Scripps Study Reveals Molecular Link Between Parkinson’s, Environmental Exposure

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by Alice Melão |

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PINK1 SNO reaction

Researchers at Scripps Research Institute in La Jolla, California, have uncovered a molecular mechanism that links Parkinson’s disease and environmental exposure.

Their study, “S-Nitrosylation of PINK1 Attenuates PINK1/Parkin-Dependent Mitophagy in hiPSC-Based Parkinson’s Disease Models,” appeared in the journal Cell Reports.

It shows that too many reactive nitrogen molecules — which come from air pollution, pesticide exposure or aging — leads to a chemical reaction that blocks the PINK1 protein and prevents cells from getting rid of damaged mitochondria.

“The new finding gives us a clue as to where to intervene,” Dr. Stuart Lipton, the study’s lead author, said in a press release. “Mitochondria are the energy powerhouses of the cell.”

Lipton, a clinical neurologist at the University of California San Diego School of Medicine, explained that as people age, or when cells are stressed, mitochondria may be damaged. It’s PINK1’s job to trigger the process that eliminates these toxic mitochondria.

Because neurons require a lot of energy, PINK1 has a neuroprotective function, ensuring that cells only use healthy mitochondria and that they produce energy as effectively as possible. Mutations in this gene, which create faulty versions of PINK1, have been linked to increased risk for early-onset Parkinson’s disease.

But when looking at human stem cells and animal models of Parkinson’s disease, the Scripps team found that not only genetic factors affect PINK1. A chemical reaction called S-nitrosylation (SNO), which attaches a nitric oxide molecule to a protein, could also regulate this enzyme’s activity.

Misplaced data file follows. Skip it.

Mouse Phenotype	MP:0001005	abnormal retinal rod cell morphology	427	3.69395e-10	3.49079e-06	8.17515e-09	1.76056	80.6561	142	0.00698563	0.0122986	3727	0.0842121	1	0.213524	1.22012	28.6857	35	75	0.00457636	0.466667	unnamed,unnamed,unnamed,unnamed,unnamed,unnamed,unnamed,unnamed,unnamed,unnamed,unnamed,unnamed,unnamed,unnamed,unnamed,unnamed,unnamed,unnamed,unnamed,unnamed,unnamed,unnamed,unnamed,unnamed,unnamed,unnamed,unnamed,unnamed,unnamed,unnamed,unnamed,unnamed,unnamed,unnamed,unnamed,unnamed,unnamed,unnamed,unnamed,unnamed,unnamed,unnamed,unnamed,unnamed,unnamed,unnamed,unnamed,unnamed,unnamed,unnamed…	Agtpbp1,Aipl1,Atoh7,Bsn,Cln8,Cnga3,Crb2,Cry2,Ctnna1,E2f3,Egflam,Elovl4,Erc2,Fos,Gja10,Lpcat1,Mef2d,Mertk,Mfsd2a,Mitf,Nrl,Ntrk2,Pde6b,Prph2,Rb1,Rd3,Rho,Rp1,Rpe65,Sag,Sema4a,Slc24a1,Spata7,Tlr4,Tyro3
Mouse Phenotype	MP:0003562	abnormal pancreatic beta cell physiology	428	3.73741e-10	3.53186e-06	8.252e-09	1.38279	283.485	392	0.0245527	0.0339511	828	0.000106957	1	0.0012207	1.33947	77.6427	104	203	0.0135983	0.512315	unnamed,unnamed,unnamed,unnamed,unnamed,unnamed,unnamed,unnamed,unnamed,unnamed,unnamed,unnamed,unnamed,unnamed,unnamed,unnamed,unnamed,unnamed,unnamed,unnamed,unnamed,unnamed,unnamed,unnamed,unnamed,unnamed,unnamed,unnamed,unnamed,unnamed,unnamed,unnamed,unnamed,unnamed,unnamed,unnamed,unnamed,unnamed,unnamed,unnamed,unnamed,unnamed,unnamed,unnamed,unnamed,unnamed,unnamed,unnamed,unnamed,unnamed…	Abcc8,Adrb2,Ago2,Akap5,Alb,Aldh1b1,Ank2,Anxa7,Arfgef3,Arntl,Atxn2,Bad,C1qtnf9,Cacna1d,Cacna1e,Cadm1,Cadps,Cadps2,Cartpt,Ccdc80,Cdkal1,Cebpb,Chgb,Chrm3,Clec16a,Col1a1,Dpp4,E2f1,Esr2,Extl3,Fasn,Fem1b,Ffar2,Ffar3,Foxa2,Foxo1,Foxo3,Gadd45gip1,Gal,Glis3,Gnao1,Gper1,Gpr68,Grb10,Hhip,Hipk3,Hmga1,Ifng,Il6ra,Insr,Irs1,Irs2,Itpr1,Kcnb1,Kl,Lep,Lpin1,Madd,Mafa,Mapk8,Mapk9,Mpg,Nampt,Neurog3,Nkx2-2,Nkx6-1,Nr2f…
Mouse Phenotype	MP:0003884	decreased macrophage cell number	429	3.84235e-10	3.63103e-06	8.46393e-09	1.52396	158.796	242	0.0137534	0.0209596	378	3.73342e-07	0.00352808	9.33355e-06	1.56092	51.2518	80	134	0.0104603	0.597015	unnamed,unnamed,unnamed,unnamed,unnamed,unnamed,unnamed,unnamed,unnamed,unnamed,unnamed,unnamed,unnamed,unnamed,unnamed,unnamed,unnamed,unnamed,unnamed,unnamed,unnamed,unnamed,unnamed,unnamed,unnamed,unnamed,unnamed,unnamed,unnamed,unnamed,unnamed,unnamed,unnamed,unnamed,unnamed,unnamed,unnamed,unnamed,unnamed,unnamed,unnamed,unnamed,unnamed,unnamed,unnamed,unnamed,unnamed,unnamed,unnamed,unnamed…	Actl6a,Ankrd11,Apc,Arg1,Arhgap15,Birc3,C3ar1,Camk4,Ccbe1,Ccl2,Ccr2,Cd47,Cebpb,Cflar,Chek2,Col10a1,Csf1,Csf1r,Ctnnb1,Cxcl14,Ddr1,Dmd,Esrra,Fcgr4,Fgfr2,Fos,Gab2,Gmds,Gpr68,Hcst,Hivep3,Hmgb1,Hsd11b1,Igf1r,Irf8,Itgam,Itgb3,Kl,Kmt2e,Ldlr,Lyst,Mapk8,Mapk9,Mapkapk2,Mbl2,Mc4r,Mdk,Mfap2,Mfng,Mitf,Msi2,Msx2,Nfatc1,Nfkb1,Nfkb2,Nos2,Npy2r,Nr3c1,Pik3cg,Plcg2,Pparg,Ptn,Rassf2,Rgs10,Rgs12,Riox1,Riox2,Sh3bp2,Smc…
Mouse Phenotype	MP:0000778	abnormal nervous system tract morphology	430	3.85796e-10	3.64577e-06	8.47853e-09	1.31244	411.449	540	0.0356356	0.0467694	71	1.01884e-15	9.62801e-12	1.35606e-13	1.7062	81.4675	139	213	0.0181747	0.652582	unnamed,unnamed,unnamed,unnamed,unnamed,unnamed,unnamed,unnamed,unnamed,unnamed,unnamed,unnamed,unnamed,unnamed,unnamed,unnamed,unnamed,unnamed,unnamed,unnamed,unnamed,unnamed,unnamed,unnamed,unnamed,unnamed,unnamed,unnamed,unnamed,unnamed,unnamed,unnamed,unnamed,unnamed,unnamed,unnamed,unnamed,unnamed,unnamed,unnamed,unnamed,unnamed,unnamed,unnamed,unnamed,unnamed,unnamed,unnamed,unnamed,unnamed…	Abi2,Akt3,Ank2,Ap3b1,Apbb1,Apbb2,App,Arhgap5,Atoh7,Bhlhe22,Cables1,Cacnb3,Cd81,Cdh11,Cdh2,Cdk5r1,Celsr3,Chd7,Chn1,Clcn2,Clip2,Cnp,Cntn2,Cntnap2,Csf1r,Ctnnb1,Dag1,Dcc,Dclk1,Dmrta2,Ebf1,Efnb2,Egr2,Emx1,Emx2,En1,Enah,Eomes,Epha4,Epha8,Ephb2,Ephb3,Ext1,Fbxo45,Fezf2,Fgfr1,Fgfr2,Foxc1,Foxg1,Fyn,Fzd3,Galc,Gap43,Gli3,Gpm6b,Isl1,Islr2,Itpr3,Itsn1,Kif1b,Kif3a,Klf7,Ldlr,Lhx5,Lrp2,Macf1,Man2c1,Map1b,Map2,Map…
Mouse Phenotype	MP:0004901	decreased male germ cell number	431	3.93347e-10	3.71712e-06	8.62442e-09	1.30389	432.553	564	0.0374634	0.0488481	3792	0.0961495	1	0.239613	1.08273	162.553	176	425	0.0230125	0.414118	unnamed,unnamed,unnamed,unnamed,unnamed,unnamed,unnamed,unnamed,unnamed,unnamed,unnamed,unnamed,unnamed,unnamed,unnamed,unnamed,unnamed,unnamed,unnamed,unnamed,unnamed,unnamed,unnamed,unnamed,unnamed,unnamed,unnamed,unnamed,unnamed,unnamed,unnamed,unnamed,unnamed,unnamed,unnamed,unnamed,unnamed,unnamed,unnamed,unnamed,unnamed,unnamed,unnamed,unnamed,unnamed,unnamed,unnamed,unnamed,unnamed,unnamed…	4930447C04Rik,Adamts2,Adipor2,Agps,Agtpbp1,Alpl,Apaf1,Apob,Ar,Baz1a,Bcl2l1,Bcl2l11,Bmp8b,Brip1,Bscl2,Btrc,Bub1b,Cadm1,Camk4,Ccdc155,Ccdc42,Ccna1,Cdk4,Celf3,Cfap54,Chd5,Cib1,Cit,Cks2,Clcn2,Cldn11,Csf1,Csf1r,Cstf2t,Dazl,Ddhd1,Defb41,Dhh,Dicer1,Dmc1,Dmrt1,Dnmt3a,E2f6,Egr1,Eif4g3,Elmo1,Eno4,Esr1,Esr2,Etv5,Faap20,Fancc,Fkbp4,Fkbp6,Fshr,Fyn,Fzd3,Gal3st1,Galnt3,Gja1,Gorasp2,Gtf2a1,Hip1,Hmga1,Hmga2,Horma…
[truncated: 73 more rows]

In particular, the SNO reaction prevented PINK1 from binding to its molecular partner, Parkin, and triggering the mitochondria clean-up process. Unlike genetic mutations, the SNO process is not inherited. Instead, nerve cells start “SNO-ing” proteins when they have elevated levels of reactive nitrogen molecules.

“The quantities of these reactive chemical species get so high that cells start SNO-ing proteins, like PINK1, that would normally not be SNO-ed,” said Lipton. “Formation of PINK-SNO is definitely harmful to nerve cells in the Parkinson’s brain.”

Although is not fully clear why cells accumulate these reactive nitrogen species, studies suggested this may occur in response to exposure to toxins such as pesticides and even air pollution. This suggests that a combination of genetic and environmental factors may contribute to nerve cell death and progression of Parkinson’s.

“This is a scary thought, but also a hopeful thought,” said Lipton. “If we can figure out how we’re doing this to ourselves, we may be able to control it.”

Since its discovery about 20 years ago the SNO reaction has been linked to several neurodegenerative disorders, cardiovascular disease and cancer. Lipton and his team are now investigating how to tackle the harmful effects of SNO in proteins like PINK1.

This study was funded by the National Institutes of Health, the Brain & Behavior Research Foundation and the Michael J. Fox Foundation.